December 9, 1944

Shortly before noon, we again re-embarked with the warning to avoid a place called Limbajon along the Masbate coast, where a week before, a huge force of fully-equipped Japs was forced to land after their transport was beached as a result of bombing by American planes.

What promised to be a good sunny day ended with another storm. Most of the afternoon, all but the timonel and my father had to cling to the left outriggers to counter-balance the strong wind. The cold of the rain was biting. Drenching us, the warmth of the huge waves was welcome. Everything grew dark. We were approaching the southern tip of Masbate and nearing that dreaded place, Limbajon.

I heard my father ask Lt. Jopida, who had a compass in hand, if we were on the course and off Limbajon. Lt. Jopida assured him we were. The arraiz nodded and said we were heading for just that place. We could not see ten feet from the boat. My heart stopped. If we hit Limbajon, no amount of bowing and explaining would save us from those bloodthirsty Japs.

Suddenly, though, as if in answer to our prayers, the rain stopped, the mist lifted. Limbajon was only one thousand yards away.

Due to General MacArthur’s warning (now that we were approaching Leyte) not to sail by night for anything afloat after dark would be sunk, and to the raging storm, we had to take still another risk by delaying to drop anchor at Almagro. Slowly we lowered our sails.

Figures on the beach became distinct – our eyes strained. The crowd on the beach gathered as we kept approaching, but slowly, ready to veer off at the least sign of a Jap. Then we thanked heaven and breathed freely. We were safe.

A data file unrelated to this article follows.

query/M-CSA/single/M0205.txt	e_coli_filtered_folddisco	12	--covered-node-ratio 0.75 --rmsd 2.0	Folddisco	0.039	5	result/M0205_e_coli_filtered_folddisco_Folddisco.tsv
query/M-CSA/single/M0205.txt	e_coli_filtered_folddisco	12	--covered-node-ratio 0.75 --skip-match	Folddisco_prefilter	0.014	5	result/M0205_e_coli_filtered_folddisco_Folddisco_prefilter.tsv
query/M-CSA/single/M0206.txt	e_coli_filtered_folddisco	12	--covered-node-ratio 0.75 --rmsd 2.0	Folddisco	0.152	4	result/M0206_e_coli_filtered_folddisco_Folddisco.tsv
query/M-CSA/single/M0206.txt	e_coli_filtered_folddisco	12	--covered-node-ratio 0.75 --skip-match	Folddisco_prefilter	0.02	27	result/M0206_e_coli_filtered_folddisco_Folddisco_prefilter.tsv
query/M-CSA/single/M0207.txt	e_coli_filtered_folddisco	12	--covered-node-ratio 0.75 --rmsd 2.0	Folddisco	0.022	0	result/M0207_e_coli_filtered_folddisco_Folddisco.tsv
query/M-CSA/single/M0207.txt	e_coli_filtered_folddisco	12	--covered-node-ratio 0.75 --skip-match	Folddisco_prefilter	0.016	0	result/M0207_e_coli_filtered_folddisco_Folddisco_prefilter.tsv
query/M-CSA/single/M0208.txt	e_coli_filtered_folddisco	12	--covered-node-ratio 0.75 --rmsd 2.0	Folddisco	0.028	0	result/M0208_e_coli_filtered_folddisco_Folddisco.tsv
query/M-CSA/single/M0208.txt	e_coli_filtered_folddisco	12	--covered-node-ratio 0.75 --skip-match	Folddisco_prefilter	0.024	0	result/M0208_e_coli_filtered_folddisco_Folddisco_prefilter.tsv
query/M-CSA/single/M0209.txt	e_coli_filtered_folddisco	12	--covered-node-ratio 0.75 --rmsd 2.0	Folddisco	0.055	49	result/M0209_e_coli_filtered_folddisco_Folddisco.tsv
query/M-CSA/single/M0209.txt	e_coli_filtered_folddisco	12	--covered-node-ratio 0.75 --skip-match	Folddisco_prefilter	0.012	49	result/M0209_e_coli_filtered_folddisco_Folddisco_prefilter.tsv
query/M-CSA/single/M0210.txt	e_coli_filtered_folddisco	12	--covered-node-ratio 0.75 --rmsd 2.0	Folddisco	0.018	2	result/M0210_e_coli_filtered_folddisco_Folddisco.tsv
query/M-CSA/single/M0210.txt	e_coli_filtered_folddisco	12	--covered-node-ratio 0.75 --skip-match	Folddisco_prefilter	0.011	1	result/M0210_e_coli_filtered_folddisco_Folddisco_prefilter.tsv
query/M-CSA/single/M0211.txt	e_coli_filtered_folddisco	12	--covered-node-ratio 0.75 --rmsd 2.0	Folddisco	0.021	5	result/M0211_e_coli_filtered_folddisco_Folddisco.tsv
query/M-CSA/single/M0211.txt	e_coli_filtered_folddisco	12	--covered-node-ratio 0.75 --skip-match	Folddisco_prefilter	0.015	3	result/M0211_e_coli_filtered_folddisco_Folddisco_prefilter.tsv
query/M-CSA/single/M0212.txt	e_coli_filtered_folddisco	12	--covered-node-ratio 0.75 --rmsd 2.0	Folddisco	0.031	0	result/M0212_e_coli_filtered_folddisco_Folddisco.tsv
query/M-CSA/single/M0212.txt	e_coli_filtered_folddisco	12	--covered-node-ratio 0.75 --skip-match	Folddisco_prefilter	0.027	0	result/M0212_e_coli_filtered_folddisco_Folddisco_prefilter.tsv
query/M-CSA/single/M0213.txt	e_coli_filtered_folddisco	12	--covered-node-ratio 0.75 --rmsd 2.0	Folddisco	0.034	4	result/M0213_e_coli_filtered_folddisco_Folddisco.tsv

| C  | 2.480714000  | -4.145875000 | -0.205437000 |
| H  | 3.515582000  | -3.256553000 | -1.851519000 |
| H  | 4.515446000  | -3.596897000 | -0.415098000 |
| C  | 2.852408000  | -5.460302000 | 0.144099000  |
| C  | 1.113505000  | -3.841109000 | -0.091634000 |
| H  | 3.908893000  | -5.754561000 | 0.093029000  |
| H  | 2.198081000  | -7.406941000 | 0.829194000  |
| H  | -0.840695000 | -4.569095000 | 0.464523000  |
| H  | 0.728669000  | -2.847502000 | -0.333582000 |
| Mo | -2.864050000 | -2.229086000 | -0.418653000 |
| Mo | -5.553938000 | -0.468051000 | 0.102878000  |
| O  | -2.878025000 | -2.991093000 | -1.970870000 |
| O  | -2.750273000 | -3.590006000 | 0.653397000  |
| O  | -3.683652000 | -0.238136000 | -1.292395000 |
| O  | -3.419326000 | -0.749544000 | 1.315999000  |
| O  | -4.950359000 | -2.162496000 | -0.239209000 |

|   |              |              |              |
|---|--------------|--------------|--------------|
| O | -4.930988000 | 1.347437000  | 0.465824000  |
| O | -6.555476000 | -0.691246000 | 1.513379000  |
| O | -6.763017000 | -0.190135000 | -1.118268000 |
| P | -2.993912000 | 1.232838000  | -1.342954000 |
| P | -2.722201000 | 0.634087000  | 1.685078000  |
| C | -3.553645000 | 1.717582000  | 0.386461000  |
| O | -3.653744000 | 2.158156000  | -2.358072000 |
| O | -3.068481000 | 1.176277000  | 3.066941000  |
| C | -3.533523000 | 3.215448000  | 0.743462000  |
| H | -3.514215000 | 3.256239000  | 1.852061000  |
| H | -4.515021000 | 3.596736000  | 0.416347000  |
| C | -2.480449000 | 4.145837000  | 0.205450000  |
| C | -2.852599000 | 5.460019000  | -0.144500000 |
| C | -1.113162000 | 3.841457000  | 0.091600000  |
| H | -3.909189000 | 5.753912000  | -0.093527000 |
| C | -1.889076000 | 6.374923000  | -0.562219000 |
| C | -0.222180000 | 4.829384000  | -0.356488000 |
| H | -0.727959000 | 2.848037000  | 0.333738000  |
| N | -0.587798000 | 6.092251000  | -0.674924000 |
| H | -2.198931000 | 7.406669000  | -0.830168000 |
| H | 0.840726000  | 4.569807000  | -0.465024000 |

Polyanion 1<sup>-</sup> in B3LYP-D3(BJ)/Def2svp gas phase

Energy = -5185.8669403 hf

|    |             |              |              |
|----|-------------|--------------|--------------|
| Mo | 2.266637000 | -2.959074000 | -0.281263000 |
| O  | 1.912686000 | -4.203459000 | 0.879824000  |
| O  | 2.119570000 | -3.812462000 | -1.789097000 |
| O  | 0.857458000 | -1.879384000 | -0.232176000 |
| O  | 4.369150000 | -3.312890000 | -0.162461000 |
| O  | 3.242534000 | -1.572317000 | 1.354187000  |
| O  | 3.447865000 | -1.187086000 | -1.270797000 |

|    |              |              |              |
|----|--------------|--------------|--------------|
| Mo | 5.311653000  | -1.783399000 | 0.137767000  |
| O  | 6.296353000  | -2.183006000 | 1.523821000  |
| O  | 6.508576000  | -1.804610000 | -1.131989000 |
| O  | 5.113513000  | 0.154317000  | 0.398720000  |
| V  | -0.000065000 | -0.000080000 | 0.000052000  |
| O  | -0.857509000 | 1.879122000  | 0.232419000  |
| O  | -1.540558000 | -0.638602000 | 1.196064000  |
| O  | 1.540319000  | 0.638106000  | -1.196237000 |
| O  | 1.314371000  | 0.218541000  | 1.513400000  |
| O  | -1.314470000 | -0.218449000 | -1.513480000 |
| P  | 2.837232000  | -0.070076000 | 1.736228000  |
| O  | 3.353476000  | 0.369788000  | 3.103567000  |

Here again we were greeted warmly and put up for the night. News, we found, was getting warmer — dogfights, naval encounters. We were still 40 miles from our destination.

December 8, 1944

Very early that morning we put off to sea after some delay and after repeated persuasions to stay because the invasion of Masbate was anticipated any time.

Somewhere along the coast, we sailed by a batel at anchor. The sails were rent. There were signs of disturbance on board. But no one was visible! A freezing chill sprung up my spine.

A storm broke all of a sudden. Rain poured on us. The waves buried us. I thought it would be our last day on earth. Ten foot waves developed and winds of gale proportion his us from the stern. The trong wind propelled us forward at terrific speed, our sailboat dipped in and out of the great waves. At one time, the sailboat tilted to one side so precariously that I had to run to the outrigger to counter-balance it, holding on for dear life on a thin gray wire steadying the mast.

Thus we were drenched to the bones, chilling like a bunch of malaria patients, our teeth chattering. I was worried about how the cold and the exposure would affect Papa.

Suddenly, the skies cleared, the seas calmed and the wind abated. Ahead of us, we saw a big house by the beach. We made for it. What a relief. The house was owned by a Spanish family who owned the coconut plantation that surrounded it. We were welcomed, and served a hot meal. We had a quiet time exchanging news with the Spaniards. Warmed and fed, we thanked our hosts and resumed our sailing. The sea was warm and smooth and a good wind blew us on our way.

At this point of our travel, Papa and I got to talking. Never did I feel so close to Papa. I had always kept a respectful and probably even fearful distance from Papa who was a disciplinarian and did not spare the belt on us during our childhood.

This time, I felt Papa’s human-ness, I began to feel we were friends. We talked of so many things, the family, the war, the world and God.

December 6, 1944

Today, very early in the morning, we dropped anchor at an isolated cove of Burias where we saw another sailboat anchored, to make inquiries. We asked if there were Japs in Masbate. We were assured there was not a Jap on the island, not even in the capital. With this encouraging information, we weighed anchor, raised the sails and caught the breeze and headed straight for the town of Masbate. We had to get water. The breeze was good to us that day – very good. By noon we were approaching Masbate Bay. But we decided, for reasons of security, to make further inquiries from a fishing village near the capital.